Have you ever wondered – with a small, or perhaps large measure of guilt – why we sometimes expend more energy on what our children are doing wrong, rather than what they are doing right, thinking that if we fix their weaknesses we will make them strong and successful?
According to Dr Lea Waters, author of The Strength Switch, there is a good reason for this negativity bias. It’s called ‘old wiring’. From an evolutionary perspective, we have survived by quickly identifying disruptions in the patterns of daily life as clues to possible danger or to weaknesses that put us at a disadvantage. This primeval tendency to zoom in on what’s ‘off’ has helped us size up our chances for survival. However, while the negative helped us survive, attention on the positive helps us to thrive.
This doesn’t mean ignoring weaknesses altogether, however, by focusing on your child’s strengths and building their confidence and understanding of what they are good at, weaknesses may become less relevant, or your child can apply their strengths to tackling their weaknesses.
Identifying Your Child’s Strengths
So how do you know what your child’s strengths are? According to Dr Waters there are three elements that come together to form a strength. They are:
Performance (being good at something)
Energy (feeling good doing it)
High Use (choosing to do it)
Does your child show above-age levels of achievement, rapid learning, and a repeated pattern of success? For example, the very young child who is able to construct sophisticated objects using Lego; the primary school student who reads prolifically and is able to use more complex words and sentence structures than her peers; or the teenager who consistently displays a more sophisticated understanding of emotions than most adults.
You child is energised when using a strength. They rarely get tired and time passes quickly as they find themselves in the ‘flow’ of the moment. For example, two hours at the piano or canvas feels like 20 minutes. This is not to be confused with an activity that captures the attention of your child for long periods of time but are unsettled or moody afterwards. This is escapism as opposed to playing to a strength. The key is to observe their energy level at the end of the activity.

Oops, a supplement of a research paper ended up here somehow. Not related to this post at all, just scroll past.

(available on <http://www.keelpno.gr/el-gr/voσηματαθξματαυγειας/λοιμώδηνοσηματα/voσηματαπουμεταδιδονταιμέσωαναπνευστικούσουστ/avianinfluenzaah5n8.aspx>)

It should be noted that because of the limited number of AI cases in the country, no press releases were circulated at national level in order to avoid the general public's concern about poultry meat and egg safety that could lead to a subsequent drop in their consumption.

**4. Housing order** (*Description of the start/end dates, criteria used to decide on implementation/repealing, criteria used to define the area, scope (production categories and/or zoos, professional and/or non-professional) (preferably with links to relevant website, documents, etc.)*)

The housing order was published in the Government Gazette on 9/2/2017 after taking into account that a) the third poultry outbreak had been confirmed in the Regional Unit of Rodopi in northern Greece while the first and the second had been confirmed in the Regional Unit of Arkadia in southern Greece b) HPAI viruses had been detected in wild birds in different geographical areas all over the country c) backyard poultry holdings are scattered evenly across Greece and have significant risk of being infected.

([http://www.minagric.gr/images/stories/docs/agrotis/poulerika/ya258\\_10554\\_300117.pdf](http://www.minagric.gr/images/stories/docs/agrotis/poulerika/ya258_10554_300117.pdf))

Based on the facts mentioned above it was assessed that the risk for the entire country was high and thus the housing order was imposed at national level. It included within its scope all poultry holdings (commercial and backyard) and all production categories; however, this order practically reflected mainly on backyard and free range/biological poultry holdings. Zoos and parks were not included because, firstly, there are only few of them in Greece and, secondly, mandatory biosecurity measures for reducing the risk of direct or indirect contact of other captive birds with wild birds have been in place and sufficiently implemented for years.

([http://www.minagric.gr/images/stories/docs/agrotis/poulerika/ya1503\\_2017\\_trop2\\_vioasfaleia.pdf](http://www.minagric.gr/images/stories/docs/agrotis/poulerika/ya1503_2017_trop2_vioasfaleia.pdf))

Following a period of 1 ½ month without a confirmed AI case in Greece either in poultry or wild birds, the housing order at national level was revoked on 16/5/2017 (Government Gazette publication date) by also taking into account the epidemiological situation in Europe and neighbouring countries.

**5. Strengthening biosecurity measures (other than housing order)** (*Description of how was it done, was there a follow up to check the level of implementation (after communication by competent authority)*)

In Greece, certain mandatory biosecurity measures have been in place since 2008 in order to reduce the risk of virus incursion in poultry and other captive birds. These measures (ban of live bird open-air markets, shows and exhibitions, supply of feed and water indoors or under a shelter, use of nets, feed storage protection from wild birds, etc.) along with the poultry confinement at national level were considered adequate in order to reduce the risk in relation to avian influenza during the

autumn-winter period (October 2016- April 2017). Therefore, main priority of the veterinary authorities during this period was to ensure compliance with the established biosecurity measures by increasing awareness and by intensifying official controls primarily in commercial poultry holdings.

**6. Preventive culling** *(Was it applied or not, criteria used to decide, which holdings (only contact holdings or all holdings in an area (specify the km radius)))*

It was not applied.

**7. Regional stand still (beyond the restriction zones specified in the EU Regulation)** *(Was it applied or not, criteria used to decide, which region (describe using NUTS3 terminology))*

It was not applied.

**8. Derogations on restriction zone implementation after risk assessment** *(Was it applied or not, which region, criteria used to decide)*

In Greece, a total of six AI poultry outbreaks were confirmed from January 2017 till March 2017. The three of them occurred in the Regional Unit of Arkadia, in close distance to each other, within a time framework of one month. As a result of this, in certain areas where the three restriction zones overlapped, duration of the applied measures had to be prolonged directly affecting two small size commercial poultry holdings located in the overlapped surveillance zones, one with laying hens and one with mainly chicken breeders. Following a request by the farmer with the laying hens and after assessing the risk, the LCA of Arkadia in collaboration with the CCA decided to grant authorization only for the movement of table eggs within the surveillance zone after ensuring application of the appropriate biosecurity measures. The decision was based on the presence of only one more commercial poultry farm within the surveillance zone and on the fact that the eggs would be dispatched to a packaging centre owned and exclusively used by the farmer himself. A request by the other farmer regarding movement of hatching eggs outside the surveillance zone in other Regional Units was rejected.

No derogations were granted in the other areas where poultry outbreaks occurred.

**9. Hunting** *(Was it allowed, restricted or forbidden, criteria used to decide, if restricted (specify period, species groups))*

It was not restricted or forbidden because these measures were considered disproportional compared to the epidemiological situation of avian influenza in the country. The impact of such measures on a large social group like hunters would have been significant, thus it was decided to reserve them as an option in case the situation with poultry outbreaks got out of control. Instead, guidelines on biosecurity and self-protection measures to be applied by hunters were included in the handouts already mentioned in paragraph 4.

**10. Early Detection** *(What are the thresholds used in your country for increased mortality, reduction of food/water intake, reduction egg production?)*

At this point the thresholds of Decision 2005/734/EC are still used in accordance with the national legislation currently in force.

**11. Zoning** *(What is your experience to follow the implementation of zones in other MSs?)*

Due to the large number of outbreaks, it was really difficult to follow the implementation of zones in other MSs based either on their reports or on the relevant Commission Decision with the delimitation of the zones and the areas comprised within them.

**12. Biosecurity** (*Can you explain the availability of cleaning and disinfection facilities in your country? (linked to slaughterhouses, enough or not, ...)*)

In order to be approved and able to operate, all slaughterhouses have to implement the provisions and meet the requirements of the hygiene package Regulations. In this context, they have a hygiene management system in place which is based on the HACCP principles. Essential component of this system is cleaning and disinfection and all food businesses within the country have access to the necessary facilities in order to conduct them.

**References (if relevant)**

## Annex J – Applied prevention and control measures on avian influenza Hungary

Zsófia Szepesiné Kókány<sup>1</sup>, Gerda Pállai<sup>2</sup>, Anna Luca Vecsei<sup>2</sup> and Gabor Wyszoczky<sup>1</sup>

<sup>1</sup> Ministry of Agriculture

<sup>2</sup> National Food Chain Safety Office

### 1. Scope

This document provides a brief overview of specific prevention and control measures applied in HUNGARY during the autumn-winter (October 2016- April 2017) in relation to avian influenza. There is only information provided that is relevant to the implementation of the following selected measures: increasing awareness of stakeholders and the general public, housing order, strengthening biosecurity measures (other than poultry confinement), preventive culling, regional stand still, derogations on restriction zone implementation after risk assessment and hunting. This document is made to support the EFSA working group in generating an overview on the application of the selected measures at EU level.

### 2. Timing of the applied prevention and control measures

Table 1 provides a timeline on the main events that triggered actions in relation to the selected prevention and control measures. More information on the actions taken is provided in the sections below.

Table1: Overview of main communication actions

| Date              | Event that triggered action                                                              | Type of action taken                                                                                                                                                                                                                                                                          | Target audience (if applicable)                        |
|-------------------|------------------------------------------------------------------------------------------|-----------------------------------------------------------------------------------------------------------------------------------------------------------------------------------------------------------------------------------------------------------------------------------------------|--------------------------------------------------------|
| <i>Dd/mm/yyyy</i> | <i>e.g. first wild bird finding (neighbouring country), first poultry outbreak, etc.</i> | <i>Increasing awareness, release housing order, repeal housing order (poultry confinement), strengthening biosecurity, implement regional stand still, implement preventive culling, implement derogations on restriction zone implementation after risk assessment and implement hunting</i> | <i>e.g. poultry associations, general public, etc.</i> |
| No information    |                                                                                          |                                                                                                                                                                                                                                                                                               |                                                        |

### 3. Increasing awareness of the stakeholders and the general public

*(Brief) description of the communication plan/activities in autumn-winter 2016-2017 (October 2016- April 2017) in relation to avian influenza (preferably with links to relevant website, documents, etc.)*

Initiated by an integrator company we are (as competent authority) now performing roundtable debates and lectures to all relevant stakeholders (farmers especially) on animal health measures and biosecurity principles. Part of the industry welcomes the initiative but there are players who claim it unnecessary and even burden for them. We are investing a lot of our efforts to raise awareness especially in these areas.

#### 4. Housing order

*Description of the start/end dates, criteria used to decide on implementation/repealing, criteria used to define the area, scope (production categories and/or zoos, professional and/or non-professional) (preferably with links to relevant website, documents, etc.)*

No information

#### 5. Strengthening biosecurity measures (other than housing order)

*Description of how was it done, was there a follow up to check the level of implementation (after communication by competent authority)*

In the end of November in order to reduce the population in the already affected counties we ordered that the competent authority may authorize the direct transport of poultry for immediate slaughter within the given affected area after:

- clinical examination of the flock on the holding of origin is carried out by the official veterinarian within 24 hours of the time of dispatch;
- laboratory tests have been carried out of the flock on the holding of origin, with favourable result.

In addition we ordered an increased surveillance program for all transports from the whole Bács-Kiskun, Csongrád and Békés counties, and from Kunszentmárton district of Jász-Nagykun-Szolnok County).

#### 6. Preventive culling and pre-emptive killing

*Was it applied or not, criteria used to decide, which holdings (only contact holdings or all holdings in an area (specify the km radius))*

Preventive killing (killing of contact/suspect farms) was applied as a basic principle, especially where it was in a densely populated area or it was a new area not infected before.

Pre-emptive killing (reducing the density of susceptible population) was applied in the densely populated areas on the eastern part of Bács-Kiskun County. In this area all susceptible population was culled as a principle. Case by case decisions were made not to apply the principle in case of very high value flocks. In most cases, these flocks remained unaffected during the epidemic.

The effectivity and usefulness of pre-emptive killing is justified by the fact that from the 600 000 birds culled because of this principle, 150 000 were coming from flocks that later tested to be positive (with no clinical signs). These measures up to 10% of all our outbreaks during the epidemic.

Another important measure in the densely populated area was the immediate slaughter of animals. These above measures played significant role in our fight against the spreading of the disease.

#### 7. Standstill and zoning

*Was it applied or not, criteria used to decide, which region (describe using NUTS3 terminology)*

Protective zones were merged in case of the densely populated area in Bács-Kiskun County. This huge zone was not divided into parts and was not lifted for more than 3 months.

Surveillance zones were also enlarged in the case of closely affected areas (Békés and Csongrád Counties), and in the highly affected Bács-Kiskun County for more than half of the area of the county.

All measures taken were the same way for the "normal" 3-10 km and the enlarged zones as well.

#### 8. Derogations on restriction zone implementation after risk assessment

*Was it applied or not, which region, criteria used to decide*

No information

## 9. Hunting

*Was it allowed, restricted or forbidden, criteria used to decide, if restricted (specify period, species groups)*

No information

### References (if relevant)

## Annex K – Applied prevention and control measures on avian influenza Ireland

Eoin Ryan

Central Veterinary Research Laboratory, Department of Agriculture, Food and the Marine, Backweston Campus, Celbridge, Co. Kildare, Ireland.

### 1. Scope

3. High Use
Look out for what your child chooses to do in their spare time, how often they engage in a particular activity and how they speak about that activity.
Keeping this triad of elements in mind will help you avoid pushing your child into an area that seems like a strength just because your child is good at it. It also helps you differentiate between whether your child is bingeing on an activity in an escapist way or expressing a true strength.
Broadening the Definition of a Strength
We often think of a strength in terms of performance strengths such as writing, drawing, playing football, mastering the violin, excelling at maths and so on.
It is important to not overlook character strengths. Your child may demonstrate great leadership potential, show determination and persistence, are resourceful, funny, compassionate and brave. These strengths can also provide a point of focus during your child’s struggles with expectations around performance strengths.
About Dr Lea Waters
Dr Waters (PhD) is a psychologist, researcher, speaker and author who specialises in positive education, positive parenting, and positive organisations.
Professor Waters is the President of the International Positive Psychology Association, has affiliate positions with Cambridge University and University of Michigan and is the Ambassador for the Positive Education Schools Association.
Professor Waters has been a researcher at the University of Melbourne for 21 years and is the first Australian to be appointed as a Professor in Positive Psychology. She was the founding Director of the Centre for Positive Psychology, University of Melbourne.